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The traditional method of adjusting valves one or more cylinders at a time with each cylinder at TDC is fine for hydraulics and for most solid-lifter cams, but NOT for the factory "30-30" solid-lifter cam used in '64-'65 L-76 327/365 and L-84 375hp (F.I.) Corvette engines (and in '67-'69 Camaro 302/290 Z/28 engines); this cam has VERY long clearance ramps that are .020" high, and at TDC for any cylinder, both the intake and exhaust valve for that cylinder are still on their ramps, NOT on the cam's base circle, which is why the Service Manual for all cars so equipped says specifically to set them "hot and running". There is, however, a better way to adjust the valves with a "30-30" - you can set them "cold and not running" by setting the intakes at 90 degrees ATDC and the exhausts at 90 degrees BTDC - so the lifters are on the base circle, not on the ramps. This has been confirmed with cam lift/crank-angle diagrams, and I've done mine this way - results in a nice mechanical "singing" sound, no "clacking", it runs better, sounds better, idle is more stable, and throttle response is improved. Many other Corvette 30-30 and Z/28 owners have followed this procedure as well since we developed it, and all of them have seen the same positive results. Set them cold at .026"/.026". The actual measured (stamped rocker arm) ratio at the lash points is actually about 1.37:1 (not the design 1.5:1, which is a theoretical max lift measurement actual measured max lift with factory stamped rocker arms is about 1.44:1), so the clearance ramp, which is exactly .020" high on the lobe, is all taken up at .0274" clearance; .030" clearance with the valve closed is too loose - the ramp ends/begins before the .030"clearance is taken up, resulting in the valve being lifted off and returned to the seat at greater than ramp velocity. This will contribute to valve seat recession, and can cause valve bounce at the seats at high revs - it will also be noisy.

You can adjust two valves at each 90-degree rotation point, starting at #1 TDC, turning the crank 90 degrees at a time seven times (measure and mark your balancer first at 90-degree intervals from TDC). Removing the plugs simplifies rotating the crank, but you were going to change them anyway, right? Proceed as follows: TDC 90 deg. 180 deg. 270 deg. 0 deg. 90 deg. 180 deg. 270 deg. # 8E, 2I # 4E, 1I # 3E, 8I # 6E, 4I # 5E, 3I # 7E, 6I # 2E, 5I # 1E, 7I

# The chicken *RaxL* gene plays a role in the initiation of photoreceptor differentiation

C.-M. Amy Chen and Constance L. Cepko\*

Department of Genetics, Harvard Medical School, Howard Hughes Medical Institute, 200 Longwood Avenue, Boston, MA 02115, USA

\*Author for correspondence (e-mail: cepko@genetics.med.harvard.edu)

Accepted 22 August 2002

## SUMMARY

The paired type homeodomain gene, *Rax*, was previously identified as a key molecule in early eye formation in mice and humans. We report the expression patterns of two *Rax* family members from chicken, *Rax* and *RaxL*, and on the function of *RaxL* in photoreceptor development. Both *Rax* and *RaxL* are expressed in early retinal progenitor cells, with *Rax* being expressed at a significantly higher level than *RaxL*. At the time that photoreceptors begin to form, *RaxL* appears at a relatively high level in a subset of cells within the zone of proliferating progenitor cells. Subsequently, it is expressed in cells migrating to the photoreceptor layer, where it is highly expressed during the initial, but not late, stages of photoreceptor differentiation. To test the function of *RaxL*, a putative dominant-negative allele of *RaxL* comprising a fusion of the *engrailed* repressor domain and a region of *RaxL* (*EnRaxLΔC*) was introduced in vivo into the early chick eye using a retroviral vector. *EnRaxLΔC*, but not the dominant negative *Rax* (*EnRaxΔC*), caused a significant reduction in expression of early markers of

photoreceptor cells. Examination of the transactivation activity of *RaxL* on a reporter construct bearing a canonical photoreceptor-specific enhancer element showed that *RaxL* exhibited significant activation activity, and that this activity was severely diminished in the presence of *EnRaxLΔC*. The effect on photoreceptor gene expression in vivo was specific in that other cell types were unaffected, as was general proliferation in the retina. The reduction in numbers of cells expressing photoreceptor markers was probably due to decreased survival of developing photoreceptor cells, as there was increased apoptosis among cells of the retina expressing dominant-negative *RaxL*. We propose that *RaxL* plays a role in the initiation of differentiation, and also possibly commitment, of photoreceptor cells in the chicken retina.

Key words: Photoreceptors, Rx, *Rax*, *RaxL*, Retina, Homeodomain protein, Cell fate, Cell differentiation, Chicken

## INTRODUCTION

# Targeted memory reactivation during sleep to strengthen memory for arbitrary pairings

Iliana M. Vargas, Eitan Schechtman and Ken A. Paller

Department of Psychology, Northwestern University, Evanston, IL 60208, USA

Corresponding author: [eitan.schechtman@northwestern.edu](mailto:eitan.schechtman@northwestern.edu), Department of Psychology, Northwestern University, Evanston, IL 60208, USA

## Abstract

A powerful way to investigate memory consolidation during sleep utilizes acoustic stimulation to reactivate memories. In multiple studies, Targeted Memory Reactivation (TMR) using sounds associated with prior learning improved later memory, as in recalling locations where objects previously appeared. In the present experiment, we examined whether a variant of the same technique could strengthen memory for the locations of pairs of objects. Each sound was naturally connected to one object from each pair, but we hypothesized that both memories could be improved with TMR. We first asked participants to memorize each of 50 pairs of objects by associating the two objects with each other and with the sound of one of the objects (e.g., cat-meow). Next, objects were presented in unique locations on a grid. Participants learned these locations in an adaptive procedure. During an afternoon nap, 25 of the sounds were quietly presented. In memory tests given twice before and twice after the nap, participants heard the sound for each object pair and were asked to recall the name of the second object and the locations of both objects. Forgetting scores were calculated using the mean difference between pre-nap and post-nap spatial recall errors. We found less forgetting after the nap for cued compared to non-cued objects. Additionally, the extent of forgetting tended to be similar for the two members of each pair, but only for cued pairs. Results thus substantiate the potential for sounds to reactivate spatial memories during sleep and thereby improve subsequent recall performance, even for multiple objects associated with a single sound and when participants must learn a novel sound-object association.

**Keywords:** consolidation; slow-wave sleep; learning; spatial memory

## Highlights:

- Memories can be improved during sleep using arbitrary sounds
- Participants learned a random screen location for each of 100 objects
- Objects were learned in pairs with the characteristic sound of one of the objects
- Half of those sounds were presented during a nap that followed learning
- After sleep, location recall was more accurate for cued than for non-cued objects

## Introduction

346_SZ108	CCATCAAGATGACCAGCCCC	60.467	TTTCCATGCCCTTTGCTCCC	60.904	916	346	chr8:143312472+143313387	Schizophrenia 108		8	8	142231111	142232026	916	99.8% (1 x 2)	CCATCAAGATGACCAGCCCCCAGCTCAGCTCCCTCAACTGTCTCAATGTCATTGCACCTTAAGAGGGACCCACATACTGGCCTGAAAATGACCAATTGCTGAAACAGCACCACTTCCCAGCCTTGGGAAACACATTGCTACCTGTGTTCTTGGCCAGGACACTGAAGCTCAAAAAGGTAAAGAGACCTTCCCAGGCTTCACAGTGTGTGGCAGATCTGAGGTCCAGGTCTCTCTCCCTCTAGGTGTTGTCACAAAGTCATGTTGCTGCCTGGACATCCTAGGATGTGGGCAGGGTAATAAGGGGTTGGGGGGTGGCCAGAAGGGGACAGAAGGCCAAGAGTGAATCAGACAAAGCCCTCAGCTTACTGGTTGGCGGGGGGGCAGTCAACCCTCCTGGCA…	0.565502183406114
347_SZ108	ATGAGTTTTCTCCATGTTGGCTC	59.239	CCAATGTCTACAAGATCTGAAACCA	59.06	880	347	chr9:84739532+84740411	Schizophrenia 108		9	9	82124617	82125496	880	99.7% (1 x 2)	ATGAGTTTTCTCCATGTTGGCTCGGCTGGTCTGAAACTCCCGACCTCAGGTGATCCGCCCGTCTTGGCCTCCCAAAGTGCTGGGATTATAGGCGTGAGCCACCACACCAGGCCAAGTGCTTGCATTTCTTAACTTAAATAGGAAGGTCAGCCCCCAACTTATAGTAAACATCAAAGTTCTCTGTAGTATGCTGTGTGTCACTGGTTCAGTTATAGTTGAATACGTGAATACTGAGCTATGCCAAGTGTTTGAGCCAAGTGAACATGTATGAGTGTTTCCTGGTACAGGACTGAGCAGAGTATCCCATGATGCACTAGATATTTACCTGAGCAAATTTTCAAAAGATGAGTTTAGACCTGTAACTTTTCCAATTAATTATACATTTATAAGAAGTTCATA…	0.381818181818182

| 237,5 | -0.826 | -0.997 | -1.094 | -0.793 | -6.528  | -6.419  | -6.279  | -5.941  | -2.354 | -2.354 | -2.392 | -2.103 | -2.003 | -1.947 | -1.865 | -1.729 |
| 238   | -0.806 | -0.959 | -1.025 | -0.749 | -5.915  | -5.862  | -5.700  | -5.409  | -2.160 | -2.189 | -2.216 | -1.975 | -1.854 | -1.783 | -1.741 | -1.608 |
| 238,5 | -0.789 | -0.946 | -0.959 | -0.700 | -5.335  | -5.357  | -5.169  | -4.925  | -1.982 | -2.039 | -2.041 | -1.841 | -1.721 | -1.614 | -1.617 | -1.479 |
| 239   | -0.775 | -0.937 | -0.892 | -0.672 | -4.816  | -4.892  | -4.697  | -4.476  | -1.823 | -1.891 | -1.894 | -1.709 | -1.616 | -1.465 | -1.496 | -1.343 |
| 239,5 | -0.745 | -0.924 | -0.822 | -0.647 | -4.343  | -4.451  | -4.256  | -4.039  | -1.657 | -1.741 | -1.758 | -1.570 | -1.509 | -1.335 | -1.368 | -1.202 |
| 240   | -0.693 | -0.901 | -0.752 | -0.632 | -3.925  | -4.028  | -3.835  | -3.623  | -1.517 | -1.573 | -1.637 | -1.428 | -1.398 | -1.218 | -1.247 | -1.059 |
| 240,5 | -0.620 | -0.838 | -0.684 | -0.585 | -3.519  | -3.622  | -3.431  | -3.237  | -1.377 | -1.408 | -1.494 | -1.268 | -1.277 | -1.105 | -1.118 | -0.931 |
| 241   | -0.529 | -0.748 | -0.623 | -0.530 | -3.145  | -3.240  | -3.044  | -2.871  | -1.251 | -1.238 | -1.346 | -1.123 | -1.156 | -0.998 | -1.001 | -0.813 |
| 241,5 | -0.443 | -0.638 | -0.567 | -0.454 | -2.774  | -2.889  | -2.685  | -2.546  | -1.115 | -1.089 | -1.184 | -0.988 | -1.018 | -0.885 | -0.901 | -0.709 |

(E= Exhaust Valve, I= Intake. Number indicates cylinder) Start at TDC #1, then rotate 90 degrees at a time, setting at .026" cold. If you like, you can then go back after you're done to each cylinder's TDC position and check clearance on that cylinder's two valves, and you'll find that they've closed up to .024", indicating that both valves are still on the ramps at TDC, as I pointed out in the beginning. Trivia - the point of max inlet lift on the "30-30" cam is at 112 degrees, with a lobe separation angle of 114 degrees (angle between points of max lift, not the geometric center of the lobe - the lobes on the "30-30" cam are asymmetrical). This progressive procedure will ensure that you are on the base circle on ANY OEM Chevrolet cam for adjustment, and the factory-recommended clearance on other OEM Chevrolet small-block solid-lifter cams should be factored as well by the 1.37:1-vs.-1.5:1 ratio difference at the lash point and rounded-down to the next-nearest thousandth or two to ensure that the valves are picked up and seated at ramp velocity. What about the original 097 Duntov (used from late 56 to 63)? The 097 Duntov was designed for .012/.018 clearance with 1.5:1 rocker arms, but in 1963 the intake clearance was revised to .008, and this was also recommended in Corvette News back in the late 50s for weekend competition events; the tighter intake clearance gave a bit more effective inlet duration. Factoring the original .012/.018 by the 1.37/1.50 rocker ratio correction yields .01096/.01644, call it .010/.016 (hot), so if youre already running the .008 intake clearance, it shouldnt be tightened any